Soyuz TMA-9 was a Soyuz mission to the International Space Station launched by a Soyuz FG launch vehicle. It was a human spaceflight mission transporting personnel to and from the ISS, it launched from the Baikonur Cosmodrome on 18 September 2006 at 08:09 MSD, docked with the ISS at 09:21 MSD on 20 September, returned to Earth on 21 April 2007. Soyuz TMA-9 transported two-thirds of ISS Expedition 14 to the space station along with one "spaceflight participant" who performed several experiments on behalf of the European Space Agency. Daisuke Enomoto was scheduled to be the spaceflight participant, but on 21 August 2006, he was determined to be unfit for the flight due to medical reasons, replaced by Anousheh Ansari, his back-up crew member. Docked to ISS: 20 September 2006, 05:21 UTC Undocking from ISS: 10 October 2006 19:14 UTC Docking to ISS: 10 October 2006 19:34 UTC Undocking from ISS: 29 March 2007 23:30 UTC Docking to ISS: 29 March 2007 23:54 UTC Undocking from ISS: 21 April 2007 09:11 UTC Soyuz TMA-9, known within the International Space Station program as ISS Soyuz 13, was the 32nd crewed flight to the ISS.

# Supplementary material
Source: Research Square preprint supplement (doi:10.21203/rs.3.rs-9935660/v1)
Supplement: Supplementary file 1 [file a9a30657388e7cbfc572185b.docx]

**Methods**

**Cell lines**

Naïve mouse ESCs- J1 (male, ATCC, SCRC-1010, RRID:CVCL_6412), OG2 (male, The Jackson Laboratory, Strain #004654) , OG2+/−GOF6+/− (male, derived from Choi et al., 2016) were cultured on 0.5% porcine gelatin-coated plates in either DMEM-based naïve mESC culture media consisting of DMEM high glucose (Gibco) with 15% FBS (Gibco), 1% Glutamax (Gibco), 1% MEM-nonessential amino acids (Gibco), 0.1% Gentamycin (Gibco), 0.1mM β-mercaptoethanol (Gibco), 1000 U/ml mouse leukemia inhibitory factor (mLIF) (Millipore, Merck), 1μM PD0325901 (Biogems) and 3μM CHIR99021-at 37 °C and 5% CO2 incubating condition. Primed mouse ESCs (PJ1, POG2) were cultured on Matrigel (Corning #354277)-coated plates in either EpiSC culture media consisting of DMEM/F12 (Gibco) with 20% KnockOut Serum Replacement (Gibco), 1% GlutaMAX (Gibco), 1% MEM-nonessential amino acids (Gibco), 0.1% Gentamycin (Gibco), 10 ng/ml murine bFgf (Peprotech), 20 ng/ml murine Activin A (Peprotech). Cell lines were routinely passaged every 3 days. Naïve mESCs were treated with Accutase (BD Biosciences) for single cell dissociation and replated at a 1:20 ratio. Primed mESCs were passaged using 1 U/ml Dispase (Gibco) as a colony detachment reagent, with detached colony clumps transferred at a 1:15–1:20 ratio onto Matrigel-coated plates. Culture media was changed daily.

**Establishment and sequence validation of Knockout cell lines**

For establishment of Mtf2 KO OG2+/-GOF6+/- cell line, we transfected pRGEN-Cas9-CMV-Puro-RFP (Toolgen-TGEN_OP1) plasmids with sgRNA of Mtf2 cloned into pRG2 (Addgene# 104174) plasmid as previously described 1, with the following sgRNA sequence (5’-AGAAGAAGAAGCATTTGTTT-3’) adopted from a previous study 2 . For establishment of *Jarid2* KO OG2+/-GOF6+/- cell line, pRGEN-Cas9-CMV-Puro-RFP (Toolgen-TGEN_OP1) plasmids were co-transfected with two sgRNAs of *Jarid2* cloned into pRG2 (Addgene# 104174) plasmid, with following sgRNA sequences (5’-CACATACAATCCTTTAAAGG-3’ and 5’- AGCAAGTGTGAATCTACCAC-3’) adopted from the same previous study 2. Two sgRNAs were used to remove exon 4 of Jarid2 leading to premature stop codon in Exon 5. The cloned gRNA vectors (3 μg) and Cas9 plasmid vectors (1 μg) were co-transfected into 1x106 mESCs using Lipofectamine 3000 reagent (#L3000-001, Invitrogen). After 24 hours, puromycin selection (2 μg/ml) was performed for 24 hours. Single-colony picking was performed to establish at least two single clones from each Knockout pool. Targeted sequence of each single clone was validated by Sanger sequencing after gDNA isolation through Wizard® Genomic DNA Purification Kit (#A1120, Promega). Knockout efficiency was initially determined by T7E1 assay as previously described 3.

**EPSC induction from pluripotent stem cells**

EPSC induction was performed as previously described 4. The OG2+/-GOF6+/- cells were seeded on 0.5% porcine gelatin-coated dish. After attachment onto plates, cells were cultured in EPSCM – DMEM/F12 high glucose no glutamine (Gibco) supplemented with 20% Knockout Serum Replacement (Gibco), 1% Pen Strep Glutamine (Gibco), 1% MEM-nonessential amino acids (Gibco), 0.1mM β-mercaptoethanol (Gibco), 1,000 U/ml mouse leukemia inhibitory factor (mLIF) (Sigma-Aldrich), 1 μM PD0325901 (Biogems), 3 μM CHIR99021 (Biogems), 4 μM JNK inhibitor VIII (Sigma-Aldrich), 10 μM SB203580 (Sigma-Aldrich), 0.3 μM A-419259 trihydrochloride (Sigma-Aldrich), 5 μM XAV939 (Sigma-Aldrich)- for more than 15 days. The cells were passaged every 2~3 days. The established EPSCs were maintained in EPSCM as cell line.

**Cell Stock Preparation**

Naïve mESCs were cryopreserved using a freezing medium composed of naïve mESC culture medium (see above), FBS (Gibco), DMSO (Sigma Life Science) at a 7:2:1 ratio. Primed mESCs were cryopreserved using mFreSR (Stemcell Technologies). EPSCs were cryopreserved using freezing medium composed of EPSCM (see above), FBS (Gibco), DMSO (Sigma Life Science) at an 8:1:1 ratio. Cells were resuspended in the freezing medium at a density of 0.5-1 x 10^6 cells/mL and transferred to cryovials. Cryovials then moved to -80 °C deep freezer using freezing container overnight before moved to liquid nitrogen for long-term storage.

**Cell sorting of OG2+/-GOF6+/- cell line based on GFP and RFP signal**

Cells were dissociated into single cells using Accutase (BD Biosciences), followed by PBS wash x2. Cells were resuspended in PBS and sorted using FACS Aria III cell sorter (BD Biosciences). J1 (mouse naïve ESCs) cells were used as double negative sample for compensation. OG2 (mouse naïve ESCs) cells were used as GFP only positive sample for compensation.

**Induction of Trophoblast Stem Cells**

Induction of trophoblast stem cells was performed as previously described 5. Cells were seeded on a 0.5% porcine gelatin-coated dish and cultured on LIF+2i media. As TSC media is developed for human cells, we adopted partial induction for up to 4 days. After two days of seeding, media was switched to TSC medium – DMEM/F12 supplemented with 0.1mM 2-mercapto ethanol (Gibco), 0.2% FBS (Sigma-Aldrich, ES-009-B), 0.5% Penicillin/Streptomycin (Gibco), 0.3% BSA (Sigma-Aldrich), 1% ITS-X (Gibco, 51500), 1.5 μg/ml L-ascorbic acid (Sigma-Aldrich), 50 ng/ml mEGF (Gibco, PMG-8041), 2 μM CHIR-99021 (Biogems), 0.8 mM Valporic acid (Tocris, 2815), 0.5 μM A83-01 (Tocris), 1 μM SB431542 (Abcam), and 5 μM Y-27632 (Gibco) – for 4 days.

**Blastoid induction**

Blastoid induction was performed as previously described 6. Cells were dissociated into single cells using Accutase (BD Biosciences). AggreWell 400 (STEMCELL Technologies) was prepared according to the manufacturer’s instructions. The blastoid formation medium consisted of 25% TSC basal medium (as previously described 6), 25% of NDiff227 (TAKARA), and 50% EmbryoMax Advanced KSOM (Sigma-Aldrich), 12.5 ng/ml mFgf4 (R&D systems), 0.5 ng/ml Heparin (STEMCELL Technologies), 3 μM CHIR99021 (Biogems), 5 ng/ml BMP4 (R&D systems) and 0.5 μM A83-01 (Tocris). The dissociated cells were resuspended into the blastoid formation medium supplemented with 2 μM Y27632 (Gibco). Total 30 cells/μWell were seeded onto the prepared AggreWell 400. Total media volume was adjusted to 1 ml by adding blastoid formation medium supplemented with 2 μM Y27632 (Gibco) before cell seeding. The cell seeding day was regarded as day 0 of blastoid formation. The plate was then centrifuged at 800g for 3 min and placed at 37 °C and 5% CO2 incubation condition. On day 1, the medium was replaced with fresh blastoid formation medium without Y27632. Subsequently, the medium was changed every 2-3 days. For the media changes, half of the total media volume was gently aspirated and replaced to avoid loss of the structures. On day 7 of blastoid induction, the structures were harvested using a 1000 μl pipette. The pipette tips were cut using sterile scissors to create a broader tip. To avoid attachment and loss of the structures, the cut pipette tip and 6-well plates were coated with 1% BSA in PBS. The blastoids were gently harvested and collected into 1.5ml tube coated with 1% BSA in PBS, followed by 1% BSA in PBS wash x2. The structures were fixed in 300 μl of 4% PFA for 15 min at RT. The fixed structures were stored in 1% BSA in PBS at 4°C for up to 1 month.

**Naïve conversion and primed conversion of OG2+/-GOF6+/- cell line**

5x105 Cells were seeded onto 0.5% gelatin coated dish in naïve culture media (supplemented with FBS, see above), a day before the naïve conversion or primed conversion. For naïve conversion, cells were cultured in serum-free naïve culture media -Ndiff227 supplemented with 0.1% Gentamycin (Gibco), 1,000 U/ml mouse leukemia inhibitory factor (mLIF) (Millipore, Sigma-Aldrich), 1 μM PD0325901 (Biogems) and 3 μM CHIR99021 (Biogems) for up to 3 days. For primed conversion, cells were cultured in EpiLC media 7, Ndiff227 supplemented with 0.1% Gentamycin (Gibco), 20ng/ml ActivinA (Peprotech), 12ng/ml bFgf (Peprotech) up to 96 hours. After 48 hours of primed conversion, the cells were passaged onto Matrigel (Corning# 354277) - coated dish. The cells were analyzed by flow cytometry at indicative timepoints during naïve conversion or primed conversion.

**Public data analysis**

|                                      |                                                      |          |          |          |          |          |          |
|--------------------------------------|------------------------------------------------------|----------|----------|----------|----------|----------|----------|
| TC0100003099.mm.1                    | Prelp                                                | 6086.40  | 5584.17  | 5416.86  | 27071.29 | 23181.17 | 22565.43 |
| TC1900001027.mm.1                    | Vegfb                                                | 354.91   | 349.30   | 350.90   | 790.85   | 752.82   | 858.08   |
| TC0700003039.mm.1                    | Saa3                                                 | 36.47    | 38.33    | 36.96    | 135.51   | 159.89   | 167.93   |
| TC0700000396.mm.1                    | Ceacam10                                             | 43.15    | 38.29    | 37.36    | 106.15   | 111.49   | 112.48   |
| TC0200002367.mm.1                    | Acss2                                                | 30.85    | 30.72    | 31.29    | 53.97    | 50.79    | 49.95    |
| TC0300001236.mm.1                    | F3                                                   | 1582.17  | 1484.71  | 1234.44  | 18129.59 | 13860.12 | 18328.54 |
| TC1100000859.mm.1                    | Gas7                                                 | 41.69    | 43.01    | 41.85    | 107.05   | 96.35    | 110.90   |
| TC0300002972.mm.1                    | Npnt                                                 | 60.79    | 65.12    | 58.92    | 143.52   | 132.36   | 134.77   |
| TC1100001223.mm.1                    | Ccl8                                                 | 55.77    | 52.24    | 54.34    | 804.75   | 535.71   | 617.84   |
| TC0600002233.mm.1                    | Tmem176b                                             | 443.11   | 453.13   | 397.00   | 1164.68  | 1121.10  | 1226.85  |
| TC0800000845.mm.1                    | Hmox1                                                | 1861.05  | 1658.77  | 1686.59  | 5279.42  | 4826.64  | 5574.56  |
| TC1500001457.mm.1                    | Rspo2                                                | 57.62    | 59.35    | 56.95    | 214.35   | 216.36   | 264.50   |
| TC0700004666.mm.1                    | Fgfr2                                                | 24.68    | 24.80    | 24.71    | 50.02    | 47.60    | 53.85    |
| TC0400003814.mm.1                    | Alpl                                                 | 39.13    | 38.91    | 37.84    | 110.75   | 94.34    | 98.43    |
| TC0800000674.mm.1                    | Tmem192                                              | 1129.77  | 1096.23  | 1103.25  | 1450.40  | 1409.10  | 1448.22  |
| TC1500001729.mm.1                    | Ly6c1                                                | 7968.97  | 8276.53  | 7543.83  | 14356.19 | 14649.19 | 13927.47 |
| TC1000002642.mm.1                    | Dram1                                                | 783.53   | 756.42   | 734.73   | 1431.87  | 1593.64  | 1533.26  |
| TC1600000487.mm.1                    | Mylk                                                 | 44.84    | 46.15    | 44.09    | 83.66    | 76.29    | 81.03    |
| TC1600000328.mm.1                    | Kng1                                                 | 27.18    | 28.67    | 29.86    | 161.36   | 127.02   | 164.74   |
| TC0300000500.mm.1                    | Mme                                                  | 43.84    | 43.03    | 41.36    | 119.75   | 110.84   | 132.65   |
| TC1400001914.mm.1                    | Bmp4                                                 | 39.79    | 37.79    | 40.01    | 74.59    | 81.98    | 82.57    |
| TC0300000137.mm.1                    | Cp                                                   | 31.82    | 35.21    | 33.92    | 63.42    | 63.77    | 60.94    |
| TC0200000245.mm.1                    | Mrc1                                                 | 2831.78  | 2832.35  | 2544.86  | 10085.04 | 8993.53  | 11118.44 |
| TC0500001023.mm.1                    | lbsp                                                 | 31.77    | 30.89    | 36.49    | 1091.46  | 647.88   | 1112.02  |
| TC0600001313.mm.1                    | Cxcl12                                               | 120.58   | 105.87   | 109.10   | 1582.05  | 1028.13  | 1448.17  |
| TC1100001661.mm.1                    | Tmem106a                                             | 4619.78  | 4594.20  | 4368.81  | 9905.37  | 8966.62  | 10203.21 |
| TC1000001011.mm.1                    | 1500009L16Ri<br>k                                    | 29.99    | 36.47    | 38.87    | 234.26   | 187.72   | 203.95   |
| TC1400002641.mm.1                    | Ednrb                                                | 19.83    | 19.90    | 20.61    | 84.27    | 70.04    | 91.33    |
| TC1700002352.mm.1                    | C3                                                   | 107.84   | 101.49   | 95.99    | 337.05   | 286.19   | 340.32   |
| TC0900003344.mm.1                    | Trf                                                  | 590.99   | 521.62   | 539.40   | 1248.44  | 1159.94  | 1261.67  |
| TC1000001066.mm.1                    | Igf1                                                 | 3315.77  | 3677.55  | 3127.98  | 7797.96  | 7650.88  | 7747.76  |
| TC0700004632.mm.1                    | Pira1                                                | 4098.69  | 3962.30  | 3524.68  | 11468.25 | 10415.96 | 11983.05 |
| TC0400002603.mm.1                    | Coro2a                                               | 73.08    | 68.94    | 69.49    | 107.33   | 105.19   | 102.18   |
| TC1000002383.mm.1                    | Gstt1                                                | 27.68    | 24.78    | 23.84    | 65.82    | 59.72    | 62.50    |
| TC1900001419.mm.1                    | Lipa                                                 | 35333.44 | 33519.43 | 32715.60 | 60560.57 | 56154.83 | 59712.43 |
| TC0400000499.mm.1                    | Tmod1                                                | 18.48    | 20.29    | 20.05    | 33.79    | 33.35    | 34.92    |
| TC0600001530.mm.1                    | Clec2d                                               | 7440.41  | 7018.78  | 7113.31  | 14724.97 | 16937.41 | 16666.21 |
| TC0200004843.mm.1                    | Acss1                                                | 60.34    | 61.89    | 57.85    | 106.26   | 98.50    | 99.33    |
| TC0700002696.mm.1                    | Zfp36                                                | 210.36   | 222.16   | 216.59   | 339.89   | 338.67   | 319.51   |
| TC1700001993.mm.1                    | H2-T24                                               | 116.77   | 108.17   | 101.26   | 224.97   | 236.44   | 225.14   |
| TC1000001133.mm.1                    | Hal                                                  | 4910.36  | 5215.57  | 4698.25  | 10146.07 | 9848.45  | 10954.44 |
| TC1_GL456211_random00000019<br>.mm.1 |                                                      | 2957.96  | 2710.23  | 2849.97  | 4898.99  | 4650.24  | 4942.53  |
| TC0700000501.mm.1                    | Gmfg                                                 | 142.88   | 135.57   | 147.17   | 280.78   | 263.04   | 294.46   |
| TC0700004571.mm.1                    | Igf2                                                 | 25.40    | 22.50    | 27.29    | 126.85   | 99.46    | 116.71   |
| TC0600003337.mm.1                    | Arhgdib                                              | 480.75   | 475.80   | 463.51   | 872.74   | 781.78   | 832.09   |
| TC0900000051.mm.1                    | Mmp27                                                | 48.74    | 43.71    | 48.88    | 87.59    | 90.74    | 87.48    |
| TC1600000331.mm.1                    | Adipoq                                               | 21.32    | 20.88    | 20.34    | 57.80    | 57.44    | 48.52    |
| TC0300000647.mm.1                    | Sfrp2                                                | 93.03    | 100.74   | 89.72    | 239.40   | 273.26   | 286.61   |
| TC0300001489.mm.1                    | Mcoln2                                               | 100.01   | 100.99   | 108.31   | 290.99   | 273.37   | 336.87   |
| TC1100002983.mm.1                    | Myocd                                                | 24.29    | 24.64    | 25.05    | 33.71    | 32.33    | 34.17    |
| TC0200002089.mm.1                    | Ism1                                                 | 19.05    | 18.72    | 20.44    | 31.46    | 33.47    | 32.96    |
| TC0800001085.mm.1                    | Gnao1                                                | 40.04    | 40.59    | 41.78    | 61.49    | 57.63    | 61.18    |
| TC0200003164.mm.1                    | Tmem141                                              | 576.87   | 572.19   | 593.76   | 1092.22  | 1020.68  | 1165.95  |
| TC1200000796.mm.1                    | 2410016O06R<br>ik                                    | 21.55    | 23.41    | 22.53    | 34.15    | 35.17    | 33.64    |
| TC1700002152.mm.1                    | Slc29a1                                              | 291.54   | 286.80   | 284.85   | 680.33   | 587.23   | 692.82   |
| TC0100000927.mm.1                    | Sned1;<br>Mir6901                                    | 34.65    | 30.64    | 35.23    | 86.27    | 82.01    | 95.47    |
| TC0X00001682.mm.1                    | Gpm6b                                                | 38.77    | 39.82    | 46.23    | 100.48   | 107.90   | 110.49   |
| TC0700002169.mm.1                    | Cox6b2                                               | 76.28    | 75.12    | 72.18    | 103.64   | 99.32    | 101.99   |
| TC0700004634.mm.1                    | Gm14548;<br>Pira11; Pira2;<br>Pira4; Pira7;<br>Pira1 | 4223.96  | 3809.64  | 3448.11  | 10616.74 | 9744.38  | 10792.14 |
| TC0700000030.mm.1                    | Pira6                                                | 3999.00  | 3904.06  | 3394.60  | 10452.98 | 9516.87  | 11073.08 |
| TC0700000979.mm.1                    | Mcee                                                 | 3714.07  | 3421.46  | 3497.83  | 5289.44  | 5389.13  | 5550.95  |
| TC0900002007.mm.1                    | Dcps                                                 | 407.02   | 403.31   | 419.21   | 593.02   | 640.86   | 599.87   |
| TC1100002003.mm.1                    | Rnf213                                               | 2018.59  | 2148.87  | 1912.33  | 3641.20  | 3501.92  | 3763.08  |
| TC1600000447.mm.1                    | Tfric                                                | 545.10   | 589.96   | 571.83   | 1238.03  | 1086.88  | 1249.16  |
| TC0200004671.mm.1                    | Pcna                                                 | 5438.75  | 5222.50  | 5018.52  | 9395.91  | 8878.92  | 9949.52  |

It is of note because for three days, from 18–21 September 2006, it marked the first time since before the Columbia accident that twelve humans have been in space simultaneously. The capsule launched from Baikonur Cosmodrome in Kazakhstan on a Soyuz-FG rocket at 09:08 MDS on Monday 18 September 2006, it docked with the ISS on Wednesday 20 September to begin a six-month stay on the orbiting laboratory. Anousheh Ansari, the Spaceflight Participant launched by TMA-9, has returned to Earth safely alongside Commander Pavel Vinogradov and Flight Engineer Jeffrey Williams of the Expedition 13 crew aboard Soyuz TMA-8 on 29 September 2006 at 01:13 UTC. Undocking from the ISS took place at 21:53 UTC on 28 September. López-Alegría and Tyurin undocked from ISS on 21 April 2007, 09:11 UTC, landed at 12:31:30 UTC, after a seven-month stay on the station; when the capsule landed after 215 days in space, exceeding the 210-day warranty for Soyuz TMA spacecraft, it concluded the longest flight by a Soyuz spacecraft.